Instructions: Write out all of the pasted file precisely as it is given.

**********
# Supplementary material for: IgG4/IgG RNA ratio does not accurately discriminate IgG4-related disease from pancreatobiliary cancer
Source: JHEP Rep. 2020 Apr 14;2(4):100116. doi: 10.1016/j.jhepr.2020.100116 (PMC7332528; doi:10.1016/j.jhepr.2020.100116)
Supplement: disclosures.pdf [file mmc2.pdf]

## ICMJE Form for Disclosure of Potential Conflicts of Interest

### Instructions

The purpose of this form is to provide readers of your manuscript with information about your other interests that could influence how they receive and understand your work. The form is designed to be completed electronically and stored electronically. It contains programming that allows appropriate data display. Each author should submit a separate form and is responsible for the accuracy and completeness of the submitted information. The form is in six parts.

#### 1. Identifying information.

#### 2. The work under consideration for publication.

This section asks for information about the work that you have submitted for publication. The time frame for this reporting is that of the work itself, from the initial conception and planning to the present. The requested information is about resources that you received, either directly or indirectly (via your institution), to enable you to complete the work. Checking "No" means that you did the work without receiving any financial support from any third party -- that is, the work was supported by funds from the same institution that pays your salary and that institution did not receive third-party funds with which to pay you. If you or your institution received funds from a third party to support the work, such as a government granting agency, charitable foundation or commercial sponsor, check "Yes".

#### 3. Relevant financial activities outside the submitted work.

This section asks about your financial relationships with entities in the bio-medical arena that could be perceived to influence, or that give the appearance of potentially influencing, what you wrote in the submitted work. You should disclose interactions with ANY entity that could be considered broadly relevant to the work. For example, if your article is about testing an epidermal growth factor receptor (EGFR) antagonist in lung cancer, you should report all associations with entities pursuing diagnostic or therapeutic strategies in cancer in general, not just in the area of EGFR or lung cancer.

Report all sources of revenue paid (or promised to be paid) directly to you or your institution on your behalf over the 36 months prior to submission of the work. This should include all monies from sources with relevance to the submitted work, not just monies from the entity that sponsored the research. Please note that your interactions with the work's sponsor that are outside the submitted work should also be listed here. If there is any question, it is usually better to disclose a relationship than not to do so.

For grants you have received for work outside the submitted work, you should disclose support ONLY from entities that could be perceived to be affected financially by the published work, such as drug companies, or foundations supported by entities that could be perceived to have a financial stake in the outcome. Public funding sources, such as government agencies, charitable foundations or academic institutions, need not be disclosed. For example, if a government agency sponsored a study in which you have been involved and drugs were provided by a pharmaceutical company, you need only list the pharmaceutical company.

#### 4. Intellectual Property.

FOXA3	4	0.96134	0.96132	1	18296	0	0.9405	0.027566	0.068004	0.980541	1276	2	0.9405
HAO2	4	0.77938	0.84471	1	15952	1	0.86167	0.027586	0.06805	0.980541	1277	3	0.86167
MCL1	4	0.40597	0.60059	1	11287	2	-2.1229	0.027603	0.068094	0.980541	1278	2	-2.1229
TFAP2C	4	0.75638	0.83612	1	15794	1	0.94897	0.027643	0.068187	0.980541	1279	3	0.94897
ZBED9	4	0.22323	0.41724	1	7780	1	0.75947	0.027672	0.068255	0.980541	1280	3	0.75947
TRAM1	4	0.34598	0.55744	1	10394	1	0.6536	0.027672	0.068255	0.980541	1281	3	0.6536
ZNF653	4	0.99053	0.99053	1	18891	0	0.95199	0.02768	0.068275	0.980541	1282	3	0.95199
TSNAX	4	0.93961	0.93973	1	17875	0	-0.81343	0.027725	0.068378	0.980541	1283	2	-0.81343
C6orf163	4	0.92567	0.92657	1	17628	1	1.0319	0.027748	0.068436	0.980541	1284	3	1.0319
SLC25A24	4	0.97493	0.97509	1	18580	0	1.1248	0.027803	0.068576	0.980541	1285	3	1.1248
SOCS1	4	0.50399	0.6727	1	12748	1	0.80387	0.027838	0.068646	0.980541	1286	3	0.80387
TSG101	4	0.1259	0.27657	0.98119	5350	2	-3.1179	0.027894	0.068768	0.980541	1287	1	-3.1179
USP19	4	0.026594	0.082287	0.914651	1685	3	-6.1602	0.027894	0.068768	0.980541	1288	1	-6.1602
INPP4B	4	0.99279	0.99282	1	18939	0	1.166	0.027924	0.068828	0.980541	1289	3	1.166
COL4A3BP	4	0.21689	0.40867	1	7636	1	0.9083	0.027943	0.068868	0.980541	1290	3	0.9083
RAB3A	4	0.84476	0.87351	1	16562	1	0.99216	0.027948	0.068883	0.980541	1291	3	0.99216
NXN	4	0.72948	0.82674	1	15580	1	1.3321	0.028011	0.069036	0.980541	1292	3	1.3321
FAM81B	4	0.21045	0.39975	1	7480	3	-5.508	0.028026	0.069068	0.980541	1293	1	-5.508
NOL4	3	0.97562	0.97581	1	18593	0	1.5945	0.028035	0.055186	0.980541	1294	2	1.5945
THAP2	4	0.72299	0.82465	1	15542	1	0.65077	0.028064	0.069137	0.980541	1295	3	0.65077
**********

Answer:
# Supplementary material for: IgG4/IgG RNA ratio does not accurately discriminate IgG4-related disease from pancreatobiliary cancer
Source: JHEP Rep. 2020 Apr 14;2(4):100116. doi: 10.1016/j.jhepr.2020.100116 (PMC7332528; doi:10.1016/j.jhepr.2020.100116)
Supplement: disclosures.pdf [file mmc2.pdf]

## ICMJE Form for Disclosure of Potential Conflicts of Interest

### Instructions

The purpose of this form is to provide readers of your manuscript with information about your other interests that could influence how they receive and understand your work. The form is designed to be completed electronically and stored electronically. It contains programming that allows appropriate data display. Each author should submit a separate form and is responsible for the accuracy and completeness of the submitted information. The form is in six parts.

#### 1. Identifying information.

#### 2. The work under consideration for publication.

This section asks for information about the work that you have submitted for publication. The time frame for this reporting is that of the work itself, from the initial conception and planning to the present. The requested information is about resources that you received, either directly or indirectly (via your institution), to enable you to complete the work. Checking "No" means that you did the work without receiving any financial support from any third party -- that is, the work was supported by funds from the same institution that pays your salary and that institution did not receive third-party funds with which to pay you. If you or your institution received funds from a third party to support the work, such as a government granting agency, charitable foundation or commercial sponsor, check "Yes".

#### 3. Relevant financial activities outside the submitted work.

This section asks about your financial relationships with entities in the bio-medical arena that could be perceived to influence, or that give the appearance of potentially influencing, what you wrote in the submitted work. You should disclose interactions with ANY entity that could be considered broadly relevant to the work. For example, if your article is about testing an epidermal growth factor receptor (EGFR) antagonist in lung cancer, you should report all associations with entities pursuing diagnostic or therapeutic strategies in cancer in general, not just in the area of EGFR or lung cancer.

Report all sources of revenue paid (or promised to be paid) directly to you or your institution on your behalf over the 36 months prior to submission of the work. This should include all monies from sources with relevance to the submitted work, not just monies from the entity that sponsored the research. Please note that your interactions with the work's sponsor that are outside the submitted work should also be listed here. If there is any question, it is usually better to disclose a relationship than not to do so.

For grants you have received for work outside the submitted work, you should disclose support ONLY from entities that could be perceived to be affected financially by the published work, such as drug companies, or foundations supported by entities that could be perceived to have a financial stake in the outcome. Public funding sources, such as government agencies, charitable foundations or academic institutions, need not be disclosed. For example, if a government agency sponsored a study in which you have been involved and drugs were provided by a pharmaceutical company, you need only list the pharmaceutical company.

#### 4. Intellectual Property.

FOXA3	4	0.96134	0.96132	1	18296	0	0.9405	0.027566	0.068004	0.980541	1276	2	0.9405
HAO2	4	0.77938	0.84471	1	15952	1	0.86167	0.027586	0.06805	0.980541	1277	3	0.86167
MCL1	4	0.40597	0.60059	1	11287	2	-2.1229	0.027603	0.068094	0.980541	1278	2	-2.1229
TFAP2C	4	0.75638	0.83612	1	15794	1	0.94897	0.027643	0.068187	0.980541	1279	3	0.94897
ZBED9	4	0.22323	0.41724	1	7780	1	0.75947	0.027672	0.068255	0.980541	1280	3	0.75947
TRAM1	4	0.34598	0.55744	1	10394	1	0.6536	0.027672	0.068255	0.980541	1281	3	0.6536
ZNF653	4	0.99053	0.99053	1	18891	0	0.95199	0.02768	0.068275	0.980541	1282	3	0.95199
TSNAX	4	0.93961	0.93973	1	17875	0	-0.81343	0.027725	0.068378	0.980541	1283	2	-0.81343
C6orf163	4	0.92567	0.92657	1	17628	1	1.0319	0.027748	0.068436	0.980541	1284	3	1.0319
SLC25A24	4	0.97493	0.97509	1	18580	0	1.1248	0.027803	0.068576	0.980541	1285	3	1.1248
SOCS1	4	0.50399	0.6727	1	12748	1	0.80387	0.027838	0.068646	0.980541	1286	3	0.80387
TSG101	4	0.1259	0.27657	0.98119	5350	2	-3.1179	0.027894	0.068768	0.980541	1287	1	-3.1179
USP19	4	0.026594	0.082287	0.914651	1685	3	-6.1602	0.027894	0.068768	0.980541	1288	1	-6.1602
INPP4B	4	0.99279	0.99282	1	18939	0	1.166	0.027924	0.068828	0.980541	1289	3	1.166
COL4A3BP	4	0.21689	0.40867	1	7636	1	0.9083	0.027943	0.068868	0.980541	1290	3	0.9083
RAB3A	4	0.84476	0.87351	1	16562	1	0.99216	0.027948	0.068883	0.980541	1291	3	0.99216
NXN	4	0.72948	0.82674	1	15580	1	1.3321	0.028011	0.069036	0.980541	1292	3	1.3321
FAM81B	4	0.21045	0.39975	1	7480	3	-5.508	0.028026	0.069068	0.980541	1293	1	-5.508
NOL4	3	0.97562	0.97581	1	18593	0	1.5945	0.028035	0.055186	0.980541	1294	2	1.5945
THAP2	4	0.72299	0.82465	1	15542	1	0.65077	0.028064	0.069137	0.980541	1295	3	0.65077